Katharine Hepburn's Best Actress Oscars.

For, Friday, March 2, 2018

EDITOR’S NOTE: The 90th Academy Awards will be doled out on Sunday, March 4 (to be broadcast on ABC, Ch. 4 locally), which last week prompted an Oscar-trivia article written in 1993 for the Deseret News. But a lot changes in 25 years so this new entry attempts to update that column — after a mild rant about a largely overlooked 2017 film, in terms of awards that is.

Twenty-five years after I wrote the trivia column that ran in this space last week, the Academy Awards broadcast is still the show that movie fans love to hate. And these days, the awards often go to movies that didn’t come close to being box-office biggies, which is to say that most of the nominated movies were not popular choices among the moviegoing masses.

And, speaking for myself, Oscar nominations are populated largely by films I haven’t seen. (And they wonder why the ratings drop from year to year.)

That has as much to do with Hollywood’s modern penchant for awarding edgy, politicized and perhaps controversial movies more often than mainstream films, no matter how affecting they are or how much they have to say about life and the human condition.

I'm not suggesting a conspiracy. Rather it has to do with Oscar voters' desire to appear politically correct to an audience that mostly doesn't care. (And by the way, periodic polls suggest that many of the Academy members don't see these films either; they vote for their friends or on the basis of word-of-mouth from their peers.)

One overlooked example still blows my mind. Oscar virtually ignored “Wonder,” a beautiful, touching film about a young boy with a facial deformity who heads to public school for the first time and must navigate bullies and his own insecurities before finding acceptance.

Jacob Tremblay, the 11-year-old who plays the central role, is amazing, and as his parents, Julia Roberts and Owen Wilson also impress. (Yes, Owen Wilson!)

“Wonder” did get a single Oscar nomination, for makeup. But it deserves a best picture nod and maybe a number of others.

And the old saw about movies being ignored because they don't open late enough in the year to be remembered or because of critical and/or box-office indifference doesn’t apply.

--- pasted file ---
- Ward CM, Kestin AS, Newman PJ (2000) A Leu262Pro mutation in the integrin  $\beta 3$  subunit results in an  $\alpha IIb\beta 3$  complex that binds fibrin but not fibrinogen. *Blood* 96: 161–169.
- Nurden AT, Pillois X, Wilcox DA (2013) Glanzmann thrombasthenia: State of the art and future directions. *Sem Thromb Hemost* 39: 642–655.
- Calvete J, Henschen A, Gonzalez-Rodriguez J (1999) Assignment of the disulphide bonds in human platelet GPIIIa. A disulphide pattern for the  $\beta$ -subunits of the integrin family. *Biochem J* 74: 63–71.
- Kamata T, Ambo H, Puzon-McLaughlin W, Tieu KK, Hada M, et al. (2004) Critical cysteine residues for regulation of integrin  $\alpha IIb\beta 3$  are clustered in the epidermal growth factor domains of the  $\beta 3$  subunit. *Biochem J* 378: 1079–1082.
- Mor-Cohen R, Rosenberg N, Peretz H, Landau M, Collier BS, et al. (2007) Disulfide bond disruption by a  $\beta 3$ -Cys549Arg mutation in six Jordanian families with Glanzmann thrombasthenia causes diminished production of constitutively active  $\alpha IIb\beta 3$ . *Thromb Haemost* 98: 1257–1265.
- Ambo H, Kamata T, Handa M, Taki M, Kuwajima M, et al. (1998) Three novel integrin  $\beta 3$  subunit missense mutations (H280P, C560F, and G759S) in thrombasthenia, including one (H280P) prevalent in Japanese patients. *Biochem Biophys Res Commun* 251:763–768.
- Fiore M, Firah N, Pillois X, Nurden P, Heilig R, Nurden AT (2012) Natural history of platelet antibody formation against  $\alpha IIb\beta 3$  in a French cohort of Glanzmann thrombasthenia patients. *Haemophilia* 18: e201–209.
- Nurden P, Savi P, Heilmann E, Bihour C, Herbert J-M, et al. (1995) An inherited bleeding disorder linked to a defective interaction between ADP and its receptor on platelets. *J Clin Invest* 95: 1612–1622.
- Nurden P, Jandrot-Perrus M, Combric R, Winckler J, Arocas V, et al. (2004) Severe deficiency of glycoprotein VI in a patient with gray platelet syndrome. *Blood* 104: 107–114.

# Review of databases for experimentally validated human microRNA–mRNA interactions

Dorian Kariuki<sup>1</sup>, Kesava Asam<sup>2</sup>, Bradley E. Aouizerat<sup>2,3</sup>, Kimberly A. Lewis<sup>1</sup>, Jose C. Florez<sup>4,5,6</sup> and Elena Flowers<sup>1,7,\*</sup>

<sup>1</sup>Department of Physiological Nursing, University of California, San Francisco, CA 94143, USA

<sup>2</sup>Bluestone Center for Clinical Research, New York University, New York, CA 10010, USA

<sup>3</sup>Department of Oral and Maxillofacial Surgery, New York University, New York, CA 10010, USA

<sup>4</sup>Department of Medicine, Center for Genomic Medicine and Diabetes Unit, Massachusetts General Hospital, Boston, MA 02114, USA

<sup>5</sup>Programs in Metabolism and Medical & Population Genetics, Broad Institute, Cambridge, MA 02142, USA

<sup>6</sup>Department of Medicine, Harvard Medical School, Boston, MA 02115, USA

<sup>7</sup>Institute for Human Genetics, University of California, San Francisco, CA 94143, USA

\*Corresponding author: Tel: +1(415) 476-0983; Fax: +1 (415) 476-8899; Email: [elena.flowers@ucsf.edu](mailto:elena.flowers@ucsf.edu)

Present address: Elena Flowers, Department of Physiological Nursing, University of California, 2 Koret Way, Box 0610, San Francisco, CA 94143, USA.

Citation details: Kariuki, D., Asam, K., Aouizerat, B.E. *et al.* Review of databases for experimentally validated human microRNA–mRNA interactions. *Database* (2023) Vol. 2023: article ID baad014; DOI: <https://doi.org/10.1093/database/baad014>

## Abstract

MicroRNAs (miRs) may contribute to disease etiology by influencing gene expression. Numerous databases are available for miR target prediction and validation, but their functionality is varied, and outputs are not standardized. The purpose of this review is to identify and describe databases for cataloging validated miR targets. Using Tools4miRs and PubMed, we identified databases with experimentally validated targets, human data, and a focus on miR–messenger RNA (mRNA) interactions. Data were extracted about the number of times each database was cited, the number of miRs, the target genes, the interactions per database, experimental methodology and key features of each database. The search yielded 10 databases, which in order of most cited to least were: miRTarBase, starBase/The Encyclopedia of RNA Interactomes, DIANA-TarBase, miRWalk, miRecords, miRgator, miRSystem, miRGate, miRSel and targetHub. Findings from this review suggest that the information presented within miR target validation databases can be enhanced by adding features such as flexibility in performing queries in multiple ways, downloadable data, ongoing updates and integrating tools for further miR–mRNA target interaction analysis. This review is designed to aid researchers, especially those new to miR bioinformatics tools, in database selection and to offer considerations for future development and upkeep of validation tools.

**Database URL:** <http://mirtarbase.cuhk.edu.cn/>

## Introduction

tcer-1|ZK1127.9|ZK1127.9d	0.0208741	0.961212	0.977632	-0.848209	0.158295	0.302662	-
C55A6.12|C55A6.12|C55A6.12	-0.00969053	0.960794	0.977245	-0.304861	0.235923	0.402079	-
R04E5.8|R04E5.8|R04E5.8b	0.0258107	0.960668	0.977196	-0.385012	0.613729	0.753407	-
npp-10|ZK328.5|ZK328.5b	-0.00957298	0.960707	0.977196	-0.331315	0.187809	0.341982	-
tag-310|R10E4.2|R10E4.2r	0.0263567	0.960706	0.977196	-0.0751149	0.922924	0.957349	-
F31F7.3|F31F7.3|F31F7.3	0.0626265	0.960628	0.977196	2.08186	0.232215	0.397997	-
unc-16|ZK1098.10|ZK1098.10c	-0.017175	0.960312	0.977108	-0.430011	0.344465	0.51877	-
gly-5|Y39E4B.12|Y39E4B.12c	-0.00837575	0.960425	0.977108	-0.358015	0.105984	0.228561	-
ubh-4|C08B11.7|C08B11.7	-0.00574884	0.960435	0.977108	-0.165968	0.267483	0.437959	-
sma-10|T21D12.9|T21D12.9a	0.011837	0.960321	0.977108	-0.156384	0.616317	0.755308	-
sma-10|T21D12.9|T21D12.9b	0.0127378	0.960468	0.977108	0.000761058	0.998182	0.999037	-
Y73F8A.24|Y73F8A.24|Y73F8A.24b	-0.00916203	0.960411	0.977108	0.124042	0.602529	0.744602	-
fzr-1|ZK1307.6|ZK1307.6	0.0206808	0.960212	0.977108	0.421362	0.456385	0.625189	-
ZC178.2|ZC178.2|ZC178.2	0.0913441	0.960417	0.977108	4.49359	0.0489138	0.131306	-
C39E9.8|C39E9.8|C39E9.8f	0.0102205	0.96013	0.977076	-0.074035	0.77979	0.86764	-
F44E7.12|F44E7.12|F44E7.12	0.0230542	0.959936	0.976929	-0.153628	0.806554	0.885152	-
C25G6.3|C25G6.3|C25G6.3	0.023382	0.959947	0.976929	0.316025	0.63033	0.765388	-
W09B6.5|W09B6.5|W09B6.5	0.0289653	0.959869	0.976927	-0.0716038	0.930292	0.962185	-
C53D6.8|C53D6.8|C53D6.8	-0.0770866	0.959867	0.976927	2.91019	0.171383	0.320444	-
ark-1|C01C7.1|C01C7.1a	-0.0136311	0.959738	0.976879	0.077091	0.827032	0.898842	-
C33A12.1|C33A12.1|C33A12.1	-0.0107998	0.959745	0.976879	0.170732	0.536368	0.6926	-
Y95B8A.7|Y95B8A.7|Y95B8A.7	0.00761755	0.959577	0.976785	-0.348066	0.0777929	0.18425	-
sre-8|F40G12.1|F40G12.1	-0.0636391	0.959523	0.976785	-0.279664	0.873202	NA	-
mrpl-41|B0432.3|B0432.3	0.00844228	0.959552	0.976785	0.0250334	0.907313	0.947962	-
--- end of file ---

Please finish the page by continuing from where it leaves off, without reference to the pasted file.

Here are the stats: “Wonder” opened in November. It’s No. 24 on last year’s domestic box-office hit list, having earned some $132 million (and it’s No. 33 on the worldwide list, having pulled in nearly $300 million), according to Box Office Mojo. And on Rotten Tomatoes, 85 percent of the nation’s movie critics enthusiastically recommended the film.

Another bit of speculation about Oscars in the 21st century is that voters prefer R-rated films. Maybe that one does come into play; “Wonder” carries a rare PG rating. (Six of the nine best-picture nominees are rated R.)

By the way, “Wonder” is now on home-video discs and streaming sites; check it out.

So what were we here for? Ohe yes, let’s look at some of the trivia printed here last week and see what needs updating.

  • Walt Disney still holds the record for competitive wins (22) and for Oscars overall (32), from a total of 59 nominations.
  • Costume designer Edith Head remains the woman with the most statuettes (8).
  • Composter Victor Young retains the record for the most nominations without a win (21). (He won posthumously for his 22nd nomination).
  • Meryl Streep now holds the record for the most acting nominations (21), breaking Katherine Hepburn’s record (12). Jack Nicholson has the most male acting nominations (12). Several actors have won two or three Oscars, but Hepburn still holds the "win" record (4).
  • Glenn Close has joined Deborah Kerr and Thelma Ritter as the most nominated actresses without a win (each has 6 nominations).
  • Peter O’Toole is now the single most nominated actor without a win (8).
  • The most nominations for a single film is still 14, a record held by “All About Eve.” In recent years, that film has been joined by both “Titanic” and “La la Land,” each also nominated in 14 categories.


  • The most Oscar wins for a single film is still 11, with “Ben-Hur” being joined for that record by both “Titanic” and “Lord of the Rings: Return of the King.”
  • The record of statuettes won by someone for a single film is still three, which once was held only by Billy Wilder. In the past quarter-century a number of others have joined him (too many to list).
  • Jessica Tandy, who was 80 when she won her Oscar, is no longer the oldest performer to win; she was bested by Christopher Plummer, at age 82. (He's now 88 and nominated again this year.)
  • Heath Ledger joins Peter Finch as the only actors to have won acting Oscars posthumously.
  • “Silence of the Lambs” remains the only horror film to win the best-picture Oscar. (Another is nominated this year, "Get Out.")